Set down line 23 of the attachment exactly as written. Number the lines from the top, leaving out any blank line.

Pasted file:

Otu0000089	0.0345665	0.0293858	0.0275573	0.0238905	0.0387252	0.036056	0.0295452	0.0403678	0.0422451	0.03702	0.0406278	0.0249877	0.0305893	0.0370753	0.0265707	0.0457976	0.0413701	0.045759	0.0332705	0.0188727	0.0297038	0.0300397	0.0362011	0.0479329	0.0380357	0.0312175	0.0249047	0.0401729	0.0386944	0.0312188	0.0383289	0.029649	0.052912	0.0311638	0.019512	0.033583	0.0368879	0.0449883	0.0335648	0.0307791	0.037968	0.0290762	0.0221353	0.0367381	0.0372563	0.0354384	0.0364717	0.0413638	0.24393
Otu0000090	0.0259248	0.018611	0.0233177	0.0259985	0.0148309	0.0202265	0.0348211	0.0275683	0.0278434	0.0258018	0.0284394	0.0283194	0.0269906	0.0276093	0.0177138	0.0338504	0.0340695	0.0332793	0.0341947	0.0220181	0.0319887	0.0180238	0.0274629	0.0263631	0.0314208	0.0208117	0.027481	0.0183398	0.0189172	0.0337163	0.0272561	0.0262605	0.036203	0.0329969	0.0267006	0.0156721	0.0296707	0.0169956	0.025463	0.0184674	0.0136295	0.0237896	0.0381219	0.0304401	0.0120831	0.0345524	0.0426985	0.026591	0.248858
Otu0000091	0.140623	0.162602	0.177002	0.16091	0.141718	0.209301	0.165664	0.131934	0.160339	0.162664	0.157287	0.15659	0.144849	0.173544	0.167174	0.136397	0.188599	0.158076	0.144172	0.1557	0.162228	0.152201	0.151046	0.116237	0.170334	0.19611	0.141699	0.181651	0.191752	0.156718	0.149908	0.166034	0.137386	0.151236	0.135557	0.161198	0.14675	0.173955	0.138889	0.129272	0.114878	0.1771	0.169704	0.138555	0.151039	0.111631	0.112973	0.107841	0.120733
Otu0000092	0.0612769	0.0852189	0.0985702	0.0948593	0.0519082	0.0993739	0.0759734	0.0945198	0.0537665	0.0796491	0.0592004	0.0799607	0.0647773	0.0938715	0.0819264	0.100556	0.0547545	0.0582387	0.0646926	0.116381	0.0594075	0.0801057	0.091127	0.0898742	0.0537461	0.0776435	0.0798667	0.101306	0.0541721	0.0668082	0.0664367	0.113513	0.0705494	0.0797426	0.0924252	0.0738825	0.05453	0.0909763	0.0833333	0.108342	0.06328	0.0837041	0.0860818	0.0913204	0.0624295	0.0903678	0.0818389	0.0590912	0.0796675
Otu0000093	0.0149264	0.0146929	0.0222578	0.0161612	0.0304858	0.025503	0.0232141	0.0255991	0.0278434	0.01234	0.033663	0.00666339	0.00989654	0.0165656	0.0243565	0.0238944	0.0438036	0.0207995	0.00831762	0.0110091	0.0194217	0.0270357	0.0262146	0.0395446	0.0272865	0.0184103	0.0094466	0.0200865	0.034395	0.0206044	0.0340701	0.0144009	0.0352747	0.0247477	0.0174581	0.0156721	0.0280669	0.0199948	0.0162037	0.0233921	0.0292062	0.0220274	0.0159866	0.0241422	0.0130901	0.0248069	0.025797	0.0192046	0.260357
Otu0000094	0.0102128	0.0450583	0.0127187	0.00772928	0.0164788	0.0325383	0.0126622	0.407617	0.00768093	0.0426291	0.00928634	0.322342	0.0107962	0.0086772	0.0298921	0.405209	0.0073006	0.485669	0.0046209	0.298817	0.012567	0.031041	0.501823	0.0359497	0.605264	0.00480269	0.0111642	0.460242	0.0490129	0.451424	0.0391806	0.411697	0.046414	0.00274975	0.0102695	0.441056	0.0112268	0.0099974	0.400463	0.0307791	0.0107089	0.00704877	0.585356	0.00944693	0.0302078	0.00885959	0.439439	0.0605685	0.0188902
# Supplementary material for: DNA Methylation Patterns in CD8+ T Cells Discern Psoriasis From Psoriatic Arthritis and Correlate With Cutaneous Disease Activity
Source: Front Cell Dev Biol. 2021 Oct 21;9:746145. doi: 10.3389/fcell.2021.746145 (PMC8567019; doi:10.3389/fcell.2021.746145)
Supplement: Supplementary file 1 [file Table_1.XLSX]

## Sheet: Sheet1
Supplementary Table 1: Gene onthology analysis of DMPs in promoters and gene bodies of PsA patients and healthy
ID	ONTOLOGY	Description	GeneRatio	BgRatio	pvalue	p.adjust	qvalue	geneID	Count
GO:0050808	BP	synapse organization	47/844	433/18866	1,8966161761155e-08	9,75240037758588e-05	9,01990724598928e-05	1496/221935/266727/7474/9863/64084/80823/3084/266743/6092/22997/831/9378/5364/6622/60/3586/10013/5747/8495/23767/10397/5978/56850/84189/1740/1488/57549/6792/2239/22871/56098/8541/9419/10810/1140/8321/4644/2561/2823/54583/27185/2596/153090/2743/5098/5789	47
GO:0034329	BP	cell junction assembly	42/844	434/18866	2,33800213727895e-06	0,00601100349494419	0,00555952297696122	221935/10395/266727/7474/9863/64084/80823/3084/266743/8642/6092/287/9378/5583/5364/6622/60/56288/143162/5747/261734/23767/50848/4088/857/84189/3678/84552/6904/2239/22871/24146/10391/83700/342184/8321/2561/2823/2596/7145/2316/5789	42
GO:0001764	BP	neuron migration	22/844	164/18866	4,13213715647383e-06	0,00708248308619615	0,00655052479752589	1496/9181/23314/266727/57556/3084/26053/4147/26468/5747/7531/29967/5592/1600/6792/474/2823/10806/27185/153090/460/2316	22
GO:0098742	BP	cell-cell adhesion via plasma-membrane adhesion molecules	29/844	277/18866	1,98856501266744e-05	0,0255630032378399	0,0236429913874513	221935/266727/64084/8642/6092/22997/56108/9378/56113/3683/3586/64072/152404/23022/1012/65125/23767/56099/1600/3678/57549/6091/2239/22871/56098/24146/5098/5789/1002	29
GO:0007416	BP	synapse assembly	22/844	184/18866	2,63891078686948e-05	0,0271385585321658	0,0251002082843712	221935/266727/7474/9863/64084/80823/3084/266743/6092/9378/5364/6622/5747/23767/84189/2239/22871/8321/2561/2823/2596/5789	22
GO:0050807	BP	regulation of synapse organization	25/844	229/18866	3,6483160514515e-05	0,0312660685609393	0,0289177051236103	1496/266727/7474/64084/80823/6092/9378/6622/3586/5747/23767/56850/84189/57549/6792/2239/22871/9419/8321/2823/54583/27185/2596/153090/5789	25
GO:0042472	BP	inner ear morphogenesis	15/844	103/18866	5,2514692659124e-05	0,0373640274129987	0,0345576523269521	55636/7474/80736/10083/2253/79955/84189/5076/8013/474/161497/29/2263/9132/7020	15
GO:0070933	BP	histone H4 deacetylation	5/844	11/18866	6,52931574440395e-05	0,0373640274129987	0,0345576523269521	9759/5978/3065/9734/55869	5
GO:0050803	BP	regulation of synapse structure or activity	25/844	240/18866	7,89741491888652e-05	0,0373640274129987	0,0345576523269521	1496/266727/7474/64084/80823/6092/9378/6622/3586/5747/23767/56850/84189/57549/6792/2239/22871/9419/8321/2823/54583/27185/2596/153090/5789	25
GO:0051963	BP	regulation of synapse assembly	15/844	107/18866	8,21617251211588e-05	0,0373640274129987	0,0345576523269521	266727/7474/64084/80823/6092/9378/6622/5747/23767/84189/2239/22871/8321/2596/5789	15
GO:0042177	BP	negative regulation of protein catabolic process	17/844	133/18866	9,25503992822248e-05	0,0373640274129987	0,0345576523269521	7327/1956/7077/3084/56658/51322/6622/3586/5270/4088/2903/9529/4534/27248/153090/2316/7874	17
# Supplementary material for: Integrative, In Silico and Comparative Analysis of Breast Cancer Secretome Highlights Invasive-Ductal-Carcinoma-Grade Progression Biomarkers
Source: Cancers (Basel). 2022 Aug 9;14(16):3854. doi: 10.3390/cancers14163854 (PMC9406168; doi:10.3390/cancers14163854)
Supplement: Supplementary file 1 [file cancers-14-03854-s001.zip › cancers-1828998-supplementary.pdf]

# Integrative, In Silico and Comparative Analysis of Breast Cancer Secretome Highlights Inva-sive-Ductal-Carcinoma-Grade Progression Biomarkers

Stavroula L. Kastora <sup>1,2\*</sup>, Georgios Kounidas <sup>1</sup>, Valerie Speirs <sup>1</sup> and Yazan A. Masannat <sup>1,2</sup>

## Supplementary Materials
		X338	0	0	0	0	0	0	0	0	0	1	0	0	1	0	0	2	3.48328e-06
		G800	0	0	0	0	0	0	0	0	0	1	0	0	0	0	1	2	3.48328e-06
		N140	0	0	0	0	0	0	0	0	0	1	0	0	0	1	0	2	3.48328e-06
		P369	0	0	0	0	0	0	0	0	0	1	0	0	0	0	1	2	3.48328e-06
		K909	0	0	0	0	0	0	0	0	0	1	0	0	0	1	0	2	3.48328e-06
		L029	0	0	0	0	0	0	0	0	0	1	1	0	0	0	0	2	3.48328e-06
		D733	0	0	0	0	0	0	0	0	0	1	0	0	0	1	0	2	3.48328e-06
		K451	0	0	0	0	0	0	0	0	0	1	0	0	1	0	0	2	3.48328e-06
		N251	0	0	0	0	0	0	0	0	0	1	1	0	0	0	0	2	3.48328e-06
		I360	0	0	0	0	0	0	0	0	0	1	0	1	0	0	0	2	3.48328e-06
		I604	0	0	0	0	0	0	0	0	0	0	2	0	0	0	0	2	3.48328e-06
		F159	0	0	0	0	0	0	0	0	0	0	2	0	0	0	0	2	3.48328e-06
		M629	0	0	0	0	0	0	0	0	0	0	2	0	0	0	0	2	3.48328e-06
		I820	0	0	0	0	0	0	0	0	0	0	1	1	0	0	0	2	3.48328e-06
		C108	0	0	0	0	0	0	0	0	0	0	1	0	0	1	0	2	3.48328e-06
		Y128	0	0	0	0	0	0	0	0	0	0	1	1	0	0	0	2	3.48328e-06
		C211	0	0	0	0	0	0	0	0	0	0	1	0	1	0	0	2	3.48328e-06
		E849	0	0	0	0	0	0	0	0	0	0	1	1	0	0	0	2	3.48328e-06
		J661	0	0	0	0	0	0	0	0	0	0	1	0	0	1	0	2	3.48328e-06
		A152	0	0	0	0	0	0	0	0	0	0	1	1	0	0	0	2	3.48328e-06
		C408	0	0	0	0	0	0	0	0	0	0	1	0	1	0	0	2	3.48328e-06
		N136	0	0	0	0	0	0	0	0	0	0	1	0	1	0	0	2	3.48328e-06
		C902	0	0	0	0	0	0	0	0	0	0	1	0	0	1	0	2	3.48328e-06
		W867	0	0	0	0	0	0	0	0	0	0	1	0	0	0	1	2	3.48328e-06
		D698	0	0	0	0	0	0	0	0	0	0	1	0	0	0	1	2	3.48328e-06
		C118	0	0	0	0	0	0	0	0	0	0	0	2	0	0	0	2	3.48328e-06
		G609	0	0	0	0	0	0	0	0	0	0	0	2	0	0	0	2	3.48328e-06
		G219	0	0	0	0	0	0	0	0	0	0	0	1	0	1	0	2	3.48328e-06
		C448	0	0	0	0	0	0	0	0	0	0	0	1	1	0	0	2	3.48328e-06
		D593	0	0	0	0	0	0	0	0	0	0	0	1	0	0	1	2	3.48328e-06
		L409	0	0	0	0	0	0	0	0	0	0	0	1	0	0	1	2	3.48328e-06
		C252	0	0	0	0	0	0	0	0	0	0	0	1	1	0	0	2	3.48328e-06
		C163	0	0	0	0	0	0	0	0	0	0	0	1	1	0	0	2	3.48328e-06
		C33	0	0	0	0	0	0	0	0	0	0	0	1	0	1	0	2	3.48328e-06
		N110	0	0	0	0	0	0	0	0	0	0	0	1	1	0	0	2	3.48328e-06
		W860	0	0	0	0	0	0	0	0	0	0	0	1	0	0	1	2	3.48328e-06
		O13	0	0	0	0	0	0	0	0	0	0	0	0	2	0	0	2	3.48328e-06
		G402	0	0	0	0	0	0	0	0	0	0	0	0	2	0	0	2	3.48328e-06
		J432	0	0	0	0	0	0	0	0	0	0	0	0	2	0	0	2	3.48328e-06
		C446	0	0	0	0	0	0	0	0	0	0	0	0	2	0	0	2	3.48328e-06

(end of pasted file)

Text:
GO:0042177	BP	negative regulation of protein catabolic process	17/844	133/18866	9,25503992822248e-05	0,0373640274129987	0,0345576523269521	7327/1956/7077/3084/56658/51322/6622/3586/5270/4088/2903/9529/4534/27248/153090/2316/7874	17